Commercial Gym Training
How many of you train by yourself in a commercial gym?
Over the holidays we went up north to spend some time with family and I went back to the gym I started at back in highschool. It's a pretty big commercial gym with fair equipment but nothing necessairly intended for powerlifting.
I wasn't at a complete loss for what to do, however it did make me realize that getting to the point I'm at in powerlifting would be much much more difficult were I not at Westside.
Without the right training partners, equipment (bars, benches that are 12" wide etc) and atmosphere it's hard to be super successful I think.
However I know some people do it.
I go to a "commercial gym" though I'm lucky in the sense that the owner is a big into bodybuilding and powerlifting and there's a strong community of people that actually compete (though mostly bodybuilding) that train there. Used to be a Powerhouse Gym. I'm one of the few powerlifters but I've gotten to know quite a few guys that are strong enough I can trust them spotting me.
Equipment wise they have pretty much everything I need, the only thing missing is a reverse hyper but the owner has been considering getting one so hopefully that will come soon. I do wish I had access to competition benches. Benching on the shit commercial benches definitely makes things tough.
I know the guy that runs the APF meets here in Michigan, he has an awesome setup and a decent crew that trains together but I can't really justify paying for 2 gym memberships right now. The gym I currently train at is 24/7 which I don't want to give up due to my schedule.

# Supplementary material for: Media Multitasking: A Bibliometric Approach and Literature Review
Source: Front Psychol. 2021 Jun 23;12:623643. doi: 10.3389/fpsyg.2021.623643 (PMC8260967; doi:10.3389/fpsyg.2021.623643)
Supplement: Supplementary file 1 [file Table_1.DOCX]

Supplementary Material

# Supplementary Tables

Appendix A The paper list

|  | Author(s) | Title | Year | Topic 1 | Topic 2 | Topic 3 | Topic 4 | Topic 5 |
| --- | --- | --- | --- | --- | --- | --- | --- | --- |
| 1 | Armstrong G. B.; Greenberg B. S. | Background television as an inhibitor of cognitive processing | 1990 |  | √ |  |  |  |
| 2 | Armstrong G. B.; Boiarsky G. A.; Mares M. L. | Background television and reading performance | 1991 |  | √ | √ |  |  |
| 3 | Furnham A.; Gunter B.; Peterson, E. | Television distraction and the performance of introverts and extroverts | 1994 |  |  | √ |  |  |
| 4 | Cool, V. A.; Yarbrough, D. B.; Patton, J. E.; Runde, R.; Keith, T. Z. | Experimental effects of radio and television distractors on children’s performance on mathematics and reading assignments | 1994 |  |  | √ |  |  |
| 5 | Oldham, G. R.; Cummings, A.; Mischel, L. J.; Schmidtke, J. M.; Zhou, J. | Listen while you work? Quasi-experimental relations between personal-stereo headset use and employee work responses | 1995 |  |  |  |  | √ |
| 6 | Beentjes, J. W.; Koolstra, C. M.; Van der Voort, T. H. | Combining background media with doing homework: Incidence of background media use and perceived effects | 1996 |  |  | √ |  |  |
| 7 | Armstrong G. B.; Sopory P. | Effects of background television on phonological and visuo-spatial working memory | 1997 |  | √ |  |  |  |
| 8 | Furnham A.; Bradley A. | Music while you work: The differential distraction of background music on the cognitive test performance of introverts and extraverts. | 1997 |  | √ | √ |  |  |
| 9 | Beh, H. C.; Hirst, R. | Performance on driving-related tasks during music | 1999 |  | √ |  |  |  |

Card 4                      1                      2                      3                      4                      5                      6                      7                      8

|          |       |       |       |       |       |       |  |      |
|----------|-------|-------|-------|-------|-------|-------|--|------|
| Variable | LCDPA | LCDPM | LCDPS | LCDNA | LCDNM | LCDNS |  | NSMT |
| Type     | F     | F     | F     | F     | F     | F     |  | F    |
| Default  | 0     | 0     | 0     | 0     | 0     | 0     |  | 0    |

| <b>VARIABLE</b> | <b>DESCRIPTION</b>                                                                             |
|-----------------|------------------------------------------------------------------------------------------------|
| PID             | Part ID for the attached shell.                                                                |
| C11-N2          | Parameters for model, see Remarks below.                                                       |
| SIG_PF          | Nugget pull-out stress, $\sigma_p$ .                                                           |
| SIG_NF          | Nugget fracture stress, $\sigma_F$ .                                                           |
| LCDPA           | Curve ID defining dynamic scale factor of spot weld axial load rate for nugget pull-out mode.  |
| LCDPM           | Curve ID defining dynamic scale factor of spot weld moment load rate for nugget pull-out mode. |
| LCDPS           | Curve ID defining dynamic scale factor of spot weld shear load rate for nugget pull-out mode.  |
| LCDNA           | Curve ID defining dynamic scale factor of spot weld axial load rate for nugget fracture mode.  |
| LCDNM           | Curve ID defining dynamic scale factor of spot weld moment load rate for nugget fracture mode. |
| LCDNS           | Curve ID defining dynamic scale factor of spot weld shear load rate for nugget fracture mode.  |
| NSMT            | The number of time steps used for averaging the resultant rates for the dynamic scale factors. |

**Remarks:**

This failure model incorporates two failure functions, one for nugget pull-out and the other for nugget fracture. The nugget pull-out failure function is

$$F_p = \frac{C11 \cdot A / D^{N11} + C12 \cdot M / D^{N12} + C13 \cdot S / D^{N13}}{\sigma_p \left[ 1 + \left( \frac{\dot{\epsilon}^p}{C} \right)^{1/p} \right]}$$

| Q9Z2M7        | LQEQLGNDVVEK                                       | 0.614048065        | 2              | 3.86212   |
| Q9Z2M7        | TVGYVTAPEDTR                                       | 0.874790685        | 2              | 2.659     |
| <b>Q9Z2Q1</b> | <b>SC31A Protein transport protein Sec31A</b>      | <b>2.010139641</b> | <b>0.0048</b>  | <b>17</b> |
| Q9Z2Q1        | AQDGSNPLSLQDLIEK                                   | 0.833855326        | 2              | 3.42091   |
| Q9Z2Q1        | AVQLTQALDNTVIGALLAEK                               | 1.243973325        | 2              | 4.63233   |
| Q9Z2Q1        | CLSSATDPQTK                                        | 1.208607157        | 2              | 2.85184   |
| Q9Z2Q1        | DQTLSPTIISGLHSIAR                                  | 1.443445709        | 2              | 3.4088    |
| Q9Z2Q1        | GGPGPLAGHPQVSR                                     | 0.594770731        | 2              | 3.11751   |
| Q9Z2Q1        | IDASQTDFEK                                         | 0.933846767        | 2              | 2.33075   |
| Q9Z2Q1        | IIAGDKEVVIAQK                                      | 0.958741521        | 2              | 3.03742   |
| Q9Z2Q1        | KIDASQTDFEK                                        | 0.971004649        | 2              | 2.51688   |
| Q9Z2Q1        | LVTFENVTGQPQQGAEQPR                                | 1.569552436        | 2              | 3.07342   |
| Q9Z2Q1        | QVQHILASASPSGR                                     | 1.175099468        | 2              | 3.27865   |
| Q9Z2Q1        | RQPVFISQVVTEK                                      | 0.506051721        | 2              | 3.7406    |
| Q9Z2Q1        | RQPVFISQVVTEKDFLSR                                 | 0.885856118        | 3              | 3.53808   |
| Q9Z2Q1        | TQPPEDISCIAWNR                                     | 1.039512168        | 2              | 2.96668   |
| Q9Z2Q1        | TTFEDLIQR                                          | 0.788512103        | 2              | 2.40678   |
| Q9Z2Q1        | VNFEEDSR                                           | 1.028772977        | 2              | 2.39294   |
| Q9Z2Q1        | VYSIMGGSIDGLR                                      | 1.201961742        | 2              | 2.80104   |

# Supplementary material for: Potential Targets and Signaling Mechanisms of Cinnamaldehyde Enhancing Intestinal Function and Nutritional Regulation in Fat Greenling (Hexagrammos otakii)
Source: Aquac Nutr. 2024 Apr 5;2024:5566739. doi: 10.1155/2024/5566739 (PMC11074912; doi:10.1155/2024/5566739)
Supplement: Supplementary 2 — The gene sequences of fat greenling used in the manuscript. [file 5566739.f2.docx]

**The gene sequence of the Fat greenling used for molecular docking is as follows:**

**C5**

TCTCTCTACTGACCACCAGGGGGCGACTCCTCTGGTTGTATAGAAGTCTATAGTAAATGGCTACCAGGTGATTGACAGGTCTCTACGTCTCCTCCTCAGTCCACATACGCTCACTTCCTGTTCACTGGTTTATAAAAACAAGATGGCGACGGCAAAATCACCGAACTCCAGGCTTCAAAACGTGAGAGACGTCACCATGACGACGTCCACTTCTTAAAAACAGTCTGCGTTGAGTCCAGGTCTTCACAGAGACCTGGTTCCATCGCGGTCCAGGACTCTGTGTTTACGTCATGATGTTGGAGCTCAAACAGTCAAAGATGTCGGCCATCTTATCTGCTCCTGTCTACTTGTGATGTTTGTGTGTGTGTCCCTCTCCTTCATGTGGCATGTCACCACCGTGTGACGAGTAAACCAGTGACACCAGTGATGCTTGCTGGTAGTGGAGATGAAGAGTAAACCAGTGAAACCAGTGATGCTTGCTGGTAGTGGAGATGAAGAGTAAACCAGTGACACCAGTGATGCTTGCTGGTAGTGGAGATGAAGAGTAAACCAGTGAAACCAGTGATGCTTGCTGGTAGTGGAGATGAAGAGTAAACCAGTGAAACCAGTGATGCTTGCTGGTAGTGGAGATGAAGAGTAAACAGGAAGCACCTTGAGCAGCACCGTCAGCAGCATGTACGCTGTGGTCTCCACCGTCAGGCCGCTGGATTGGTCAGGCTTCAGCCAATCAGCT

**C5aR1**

I usually train at home. But on vacation I'll visit the commercial gyms. It's nice to have access to some of the machines for fun--rear delt, hammer strength stuff, a good leg press.
But what usually lacks is a good platform, a solid power rack and worst of all good bars. The knurling was virtually useless. Plus they had hexagonal plates which would make deadlifting a pain.
Ironically, if some of these places spent a little less on machines and cardio and upgraded the barbells and had a platform with some bumpers, they'd be a great place to train.
I trained at Anytime Fitness for the past year while we renovated our garage, and I have to say it's been pretty decent. They bought some power bars, and catered to those who wanted to lift big. The owner is an old college powerlifter (busted for PED's in the 165 weight class which is laughable) but none the less, he made his facility pl friendly. Now, I'm 75% set up in my garage, built a platform with another on the way, got nearly 1000lbs of plates and some power bars, just waiting on my rack to be build by Texas Strength Systems and then I'll be 95% complete, with just a few things I want to add. When I trained at metroflex it was definitely easier to push myself and dig deep. Sometimes it's hard in the garage, in the cold, all alone :( but I can usually focus and push myself to the same intensity level.
I went to a powerlifting gym for about a year some time back and it was great, but returned to the commercial gym I was at before that. I was thinking of this the other day actually because the atmosphere at the commercial gym is really good. A lot of people know each other and are friendly, but don't bother others while they are training. I found two great training partners at this gym, though they had to move on with the way life took them. I am on my own now and like being able to do what I want. So, all in all I enjoy it, but I am not someone who is setting all time records and I don't train multiply, so perhaps my thought process would be different if that were the case.